Super Speller Rebecca Is Queen Bee
Super spellers at Chilton Primary School in Ramsgate are so good that they are being tested at a higher level each time the Spelling Bee challenge comes around.
Pupils of all age groups have to spell a variety of words including the more difficult ones that Year 6 children are expected to know by the time they leave Chilton.
But Helen Rowland-Hill, who co-ordinates the challenge with fellow teacher Michael Pile, said:
“We hold the Spelling Bee three times every school year and such is the high standard that we are now having to introduce words they will learn in secondary education.
It is a testament to how well the children have done and how advanced they are with spelling.
The Spelling Bee is not easy, particularly when they are on stage in front of the whole school having to think under pressure. Every competitor deserves the highest praise for their efforts – many of them knew the correct answers quite clearly, but they just got it wrong in the heat of the moment.”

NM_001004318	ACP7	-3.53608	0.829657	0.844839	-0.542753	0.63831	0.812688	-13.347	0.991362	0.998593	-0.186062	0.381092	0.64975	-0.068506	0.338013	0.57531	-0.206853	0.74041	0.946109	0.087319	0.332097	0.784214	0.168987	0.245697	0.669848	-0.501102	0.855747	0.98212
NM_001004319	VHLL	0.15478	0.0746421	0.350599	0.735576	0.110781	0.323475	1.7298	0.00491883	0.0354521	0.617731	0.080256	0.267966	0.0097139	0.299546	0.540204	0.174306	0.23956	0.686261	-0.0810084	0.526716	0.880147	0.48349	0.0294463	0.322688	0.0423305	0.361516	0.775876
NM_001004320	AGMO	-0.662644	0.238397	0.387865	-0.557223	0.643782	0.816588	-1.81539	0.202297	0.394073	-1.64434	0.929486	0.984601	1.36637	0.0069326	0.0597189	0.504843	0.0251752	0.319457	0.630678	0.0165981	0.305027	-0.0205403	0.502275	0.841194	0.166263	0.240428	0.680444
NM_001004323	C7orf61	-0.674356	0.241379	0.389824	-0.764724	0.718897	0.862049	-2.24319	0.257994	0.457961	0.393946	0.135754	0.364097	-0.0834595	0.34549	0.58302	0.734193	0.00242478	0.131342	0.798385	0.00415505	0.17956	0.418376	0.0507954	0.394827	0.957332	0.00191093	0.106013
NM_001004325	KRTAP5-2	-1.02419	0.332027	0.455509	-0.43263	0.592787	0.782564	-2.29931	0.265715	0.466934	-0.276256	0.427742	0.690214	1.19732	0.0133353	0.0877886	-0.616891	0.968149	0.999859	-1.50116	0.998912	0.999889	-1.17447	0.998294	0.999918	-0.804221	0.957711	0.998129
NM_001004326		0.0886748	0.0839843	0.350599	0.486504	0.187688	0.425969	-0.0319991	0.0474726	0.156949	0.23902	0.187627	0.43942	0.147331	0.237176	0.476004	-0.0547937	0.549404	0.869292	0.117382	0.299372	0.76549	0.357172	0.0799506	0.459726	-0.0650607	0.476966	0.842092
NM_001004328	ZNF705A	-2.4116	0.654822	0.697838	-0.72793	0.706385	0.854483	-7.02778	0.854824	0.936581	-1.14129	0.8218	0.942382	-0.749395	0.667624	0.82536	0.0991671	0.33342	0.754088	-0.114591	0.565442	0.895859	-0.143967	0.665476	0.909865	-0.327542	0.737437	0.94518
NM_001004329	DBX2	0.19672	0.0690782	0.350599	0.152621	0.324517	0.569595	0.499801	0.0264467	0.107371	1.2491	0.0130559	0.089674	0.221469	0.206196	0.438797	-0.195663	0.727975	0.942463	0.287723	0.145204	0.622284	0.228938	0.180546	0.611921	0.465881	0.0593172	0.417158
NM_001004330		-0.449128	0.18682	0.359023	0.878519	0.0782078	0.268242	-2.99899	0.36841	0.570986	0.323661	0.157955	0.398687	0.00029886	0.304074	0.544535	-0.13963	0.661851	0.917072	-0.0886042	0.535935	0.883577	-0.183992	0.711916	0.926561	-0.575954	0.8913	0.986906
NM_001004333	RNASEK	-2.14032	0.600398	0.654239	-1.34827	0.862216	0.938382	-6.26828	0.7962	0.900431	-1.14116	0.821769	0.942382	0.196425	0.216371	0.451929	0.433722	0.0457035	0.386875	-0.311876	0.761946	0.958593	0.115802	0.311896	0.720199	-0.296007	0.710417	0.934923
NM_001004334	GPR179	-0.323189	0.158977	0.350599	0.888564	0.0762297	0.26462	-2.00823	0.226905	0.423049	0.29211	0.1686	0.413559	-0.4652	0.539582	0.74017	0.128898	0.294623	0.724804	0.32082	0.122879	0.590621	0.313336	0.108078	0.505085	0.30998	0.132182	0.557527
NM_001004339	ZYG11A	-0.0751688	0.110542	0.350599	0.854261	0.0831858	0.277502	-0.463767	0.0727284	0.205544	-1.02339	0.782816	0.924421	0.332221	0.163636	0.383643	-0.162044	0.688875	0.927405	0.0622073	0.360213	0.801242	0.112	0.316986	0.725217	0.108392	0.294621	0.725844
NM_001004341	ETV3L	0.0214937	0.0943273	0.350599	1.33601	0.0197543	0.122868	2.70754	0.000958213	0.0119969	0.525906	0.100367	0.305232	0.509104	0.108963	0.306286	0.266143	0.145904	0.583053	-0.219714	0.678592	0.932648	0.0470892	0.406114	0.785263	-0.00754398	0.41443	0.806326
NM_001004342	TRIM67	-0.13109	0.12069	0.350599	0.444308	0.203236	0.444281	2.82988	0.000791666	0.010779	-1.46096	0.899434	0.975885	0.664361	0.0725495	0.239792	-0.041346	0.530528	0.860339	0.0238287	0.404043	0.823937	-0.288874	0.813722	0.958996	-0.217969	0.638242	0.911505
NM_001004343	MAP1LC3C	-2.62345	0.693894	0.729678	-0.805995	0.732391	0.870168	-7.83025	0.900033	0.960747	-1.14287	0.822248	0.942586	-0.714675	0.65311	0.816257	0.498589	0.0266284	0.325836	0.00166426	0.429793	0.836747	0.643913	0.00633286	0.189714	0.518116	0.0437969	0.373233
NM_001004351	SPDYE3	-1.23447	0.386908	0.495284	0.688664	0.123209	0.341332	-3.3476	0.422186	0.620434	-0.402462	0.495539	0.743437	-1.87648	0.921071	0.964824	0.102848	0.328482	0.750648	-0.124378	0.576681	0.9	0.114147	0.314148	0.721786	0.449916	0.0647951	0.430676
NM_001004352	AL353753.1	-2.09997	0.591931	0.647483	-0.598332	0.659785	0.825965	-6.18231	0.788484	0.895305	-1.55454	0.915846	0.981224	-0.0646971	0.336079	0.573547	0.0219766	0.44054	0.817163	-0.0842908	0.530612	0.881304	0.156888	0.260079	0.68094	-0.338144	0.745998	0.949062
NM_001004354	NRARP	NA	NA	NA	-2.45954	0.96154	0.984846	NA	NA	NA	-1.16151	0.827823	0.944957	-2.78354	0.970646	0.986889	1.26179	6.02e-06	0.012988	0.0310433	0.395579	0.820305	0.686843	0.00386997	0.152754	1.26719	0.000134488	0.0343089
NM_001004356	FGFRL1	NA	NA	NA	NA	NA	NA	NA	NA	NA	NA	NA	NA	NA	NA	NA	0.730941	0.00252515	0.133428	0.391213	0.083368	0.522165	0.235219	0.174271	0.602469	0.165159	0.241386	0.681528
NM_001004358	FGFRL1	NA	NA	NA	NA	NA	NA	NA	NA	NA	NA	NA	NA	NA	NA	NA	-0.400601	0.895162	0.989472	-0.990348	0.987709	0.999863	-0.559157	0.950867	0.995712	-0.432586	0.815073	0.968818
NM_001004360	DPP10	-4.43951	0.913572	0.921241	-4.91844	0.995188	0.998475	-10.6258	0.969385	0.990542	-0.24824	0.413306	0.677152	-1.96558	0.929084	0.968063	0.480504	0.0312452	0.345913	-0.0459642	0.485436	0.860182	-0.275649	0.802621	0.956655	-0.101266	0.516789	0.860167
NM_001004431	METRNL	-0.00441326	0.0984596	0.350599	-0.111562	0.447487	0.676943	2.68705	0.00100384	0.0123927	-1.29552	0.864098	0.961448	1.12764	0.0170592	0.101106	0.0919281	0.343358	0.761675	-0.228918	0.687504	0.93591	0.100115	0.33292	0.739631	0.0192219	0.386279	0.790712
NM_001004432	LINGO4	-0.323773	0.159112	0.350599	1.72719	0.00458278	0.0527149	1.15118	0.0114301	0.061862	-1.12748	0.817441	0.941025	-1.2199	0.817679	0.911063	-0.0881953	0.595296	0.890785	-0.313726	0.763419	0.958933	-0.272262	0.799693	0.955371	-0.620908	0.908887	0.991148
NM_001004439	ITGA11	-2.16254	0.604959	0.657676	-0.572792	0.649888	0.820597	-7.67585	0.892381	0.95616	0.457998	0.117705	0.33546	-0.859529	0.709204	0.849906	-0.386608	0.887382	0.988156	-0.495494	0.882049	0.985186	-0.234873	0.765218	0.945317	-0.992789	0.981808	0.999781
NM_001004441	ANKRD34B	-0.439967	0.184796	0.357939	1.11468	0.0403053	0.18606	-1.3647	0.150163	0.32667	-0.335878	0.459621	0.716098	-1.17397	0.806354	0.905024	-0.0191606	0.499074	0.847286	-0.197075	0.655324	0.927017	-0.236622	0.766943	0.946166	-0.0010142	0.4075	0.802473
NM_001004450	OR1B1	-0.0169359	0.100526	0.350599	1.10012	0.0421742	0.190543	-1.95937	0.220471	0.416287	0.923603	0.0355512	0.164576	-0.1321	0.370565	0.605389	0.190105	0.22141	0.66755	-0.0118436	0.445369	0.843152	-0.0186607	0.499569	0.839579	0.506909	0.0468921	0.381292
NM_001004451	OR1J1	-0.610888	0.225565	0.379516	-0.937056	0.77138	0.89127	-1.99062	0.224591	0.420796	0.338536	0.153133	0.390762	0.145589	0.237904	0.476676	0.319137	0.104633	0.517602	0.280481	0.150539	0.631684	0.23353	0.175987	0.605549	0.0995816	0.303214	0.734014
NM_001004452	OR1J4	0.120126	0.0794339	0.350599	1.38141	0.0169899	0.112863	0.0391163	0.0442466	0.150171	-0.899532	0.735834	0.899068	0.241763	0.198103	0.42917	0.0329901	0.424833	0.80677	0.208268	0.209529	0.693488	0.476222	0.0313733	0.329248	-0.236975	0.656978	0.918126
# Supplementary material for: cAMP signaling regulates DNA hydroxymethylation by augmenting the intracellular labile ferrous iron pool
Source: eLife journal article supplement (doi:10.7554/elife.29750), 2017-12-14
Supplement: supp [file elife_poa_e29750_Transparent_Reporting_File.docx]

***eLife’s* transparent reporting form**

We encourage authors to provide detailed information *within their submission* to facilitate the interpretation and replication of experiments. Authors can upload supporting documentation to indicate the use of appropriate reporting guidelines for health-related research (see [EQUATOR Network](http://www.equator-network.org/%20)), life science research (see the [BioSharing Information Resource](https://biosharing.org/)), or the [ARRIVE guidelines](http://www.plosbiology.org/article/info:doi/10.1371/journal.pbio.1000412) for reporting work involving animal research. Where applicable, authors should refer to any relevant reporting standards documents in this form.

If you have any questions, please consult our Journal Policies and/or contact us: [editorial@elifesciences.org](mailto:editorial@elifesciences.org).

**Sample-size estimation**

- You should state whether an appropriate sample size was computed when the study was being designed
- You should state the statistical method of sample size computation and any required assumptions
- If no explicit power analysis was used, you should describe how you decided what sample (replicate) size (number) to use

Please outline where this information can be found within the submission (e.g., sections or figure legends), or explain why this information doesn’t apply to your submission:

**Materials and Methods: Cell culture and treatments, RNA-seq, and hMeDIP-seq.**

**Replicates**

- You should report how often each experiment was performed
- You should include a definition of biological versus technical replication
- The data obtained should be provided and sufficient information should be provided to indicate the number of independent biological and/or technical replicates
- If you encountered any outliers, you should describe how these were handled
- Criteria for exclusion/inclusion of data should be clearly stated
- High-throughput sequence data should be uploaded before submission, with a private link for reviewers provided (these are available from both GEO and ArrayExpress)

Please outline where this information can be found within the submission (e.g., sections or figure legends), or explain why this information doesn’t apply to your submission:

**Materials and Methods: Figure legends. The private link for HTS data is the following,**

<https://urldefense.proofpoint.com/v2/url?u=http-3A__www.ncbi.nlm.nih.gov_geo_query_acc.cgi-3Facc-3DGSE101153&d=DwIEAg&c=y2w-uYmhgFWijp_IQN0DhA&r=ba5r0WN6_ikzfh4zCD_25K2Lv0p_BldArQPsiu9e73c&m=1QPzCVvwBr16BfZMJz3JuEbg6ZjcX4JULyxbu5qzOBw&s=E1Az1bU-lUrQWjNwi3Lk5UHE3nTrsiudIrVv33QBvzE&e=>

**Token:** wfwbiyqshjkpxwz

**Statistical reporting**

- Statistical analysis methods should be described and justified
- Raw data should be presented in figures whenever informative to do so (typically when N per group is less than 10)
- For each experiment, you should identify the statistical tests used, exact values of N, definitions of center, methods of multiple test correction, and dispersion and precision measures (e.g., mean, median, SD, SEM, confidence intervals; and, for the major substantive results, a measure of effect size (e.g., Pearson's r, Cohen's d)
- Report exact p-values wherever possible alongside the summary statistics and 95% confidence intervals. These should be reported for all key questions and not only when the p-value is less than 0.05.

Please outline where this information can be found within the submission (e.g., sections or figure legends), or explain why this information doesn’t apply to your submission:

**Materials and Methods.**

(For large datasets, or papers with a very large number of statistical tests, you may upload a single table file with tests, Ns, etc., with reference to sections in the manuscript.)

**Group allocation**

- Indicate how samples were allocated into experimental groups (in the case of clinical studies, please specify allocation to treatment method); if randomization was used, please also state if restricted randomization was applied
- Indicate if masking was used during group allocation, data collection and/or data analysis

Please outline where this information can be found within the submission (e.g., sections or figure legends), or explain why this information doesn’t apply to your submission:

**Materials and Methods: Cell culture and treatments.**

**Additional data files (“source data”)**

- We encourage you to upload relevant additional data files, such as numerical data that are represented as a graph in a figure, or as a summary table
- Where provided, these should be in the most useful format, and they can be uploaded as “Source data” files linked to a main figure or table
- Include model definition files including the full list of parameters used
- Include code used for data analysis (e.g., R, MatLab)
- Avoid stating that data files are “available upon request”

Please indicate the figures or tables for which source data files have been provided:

More than 20 contestants from all age groups took to the stage in the ‘spellbinding’ knock-out competition. Each incorrectly spelt word saw a contestant eliminated and in the end, it came down to sudden death between Rebecca from Year 6 and Ollie from Year 5, with Queen Bee Rebecca taking the title with her spelling of ‘quadrilateral’.
Rebecca’s sister Esther from Year 3 was also in the competition, and third-placed Libby from Year 6 was joined by her sister Evie from Year 3 in the challenge too. The top three spellers each received stationery gifts and certificates.
Words facing the super spellers that catch many people out included:
The Spelling Bee is held three times each year and is part of the school’s ongoing literacy drive.
Thank you, Chilton Primary School for your wonderful press release! It is so important to learn and spellings and you will always rely on such an invaluable tool. Nowadays it is too easy to rely on spellcheck and it is so easy for the settings to be incorrect and by using it we’re being lazy and damaging our ability to recall information. Well done, you should all be very proud of yourselves!
Now, where’s our dictionary…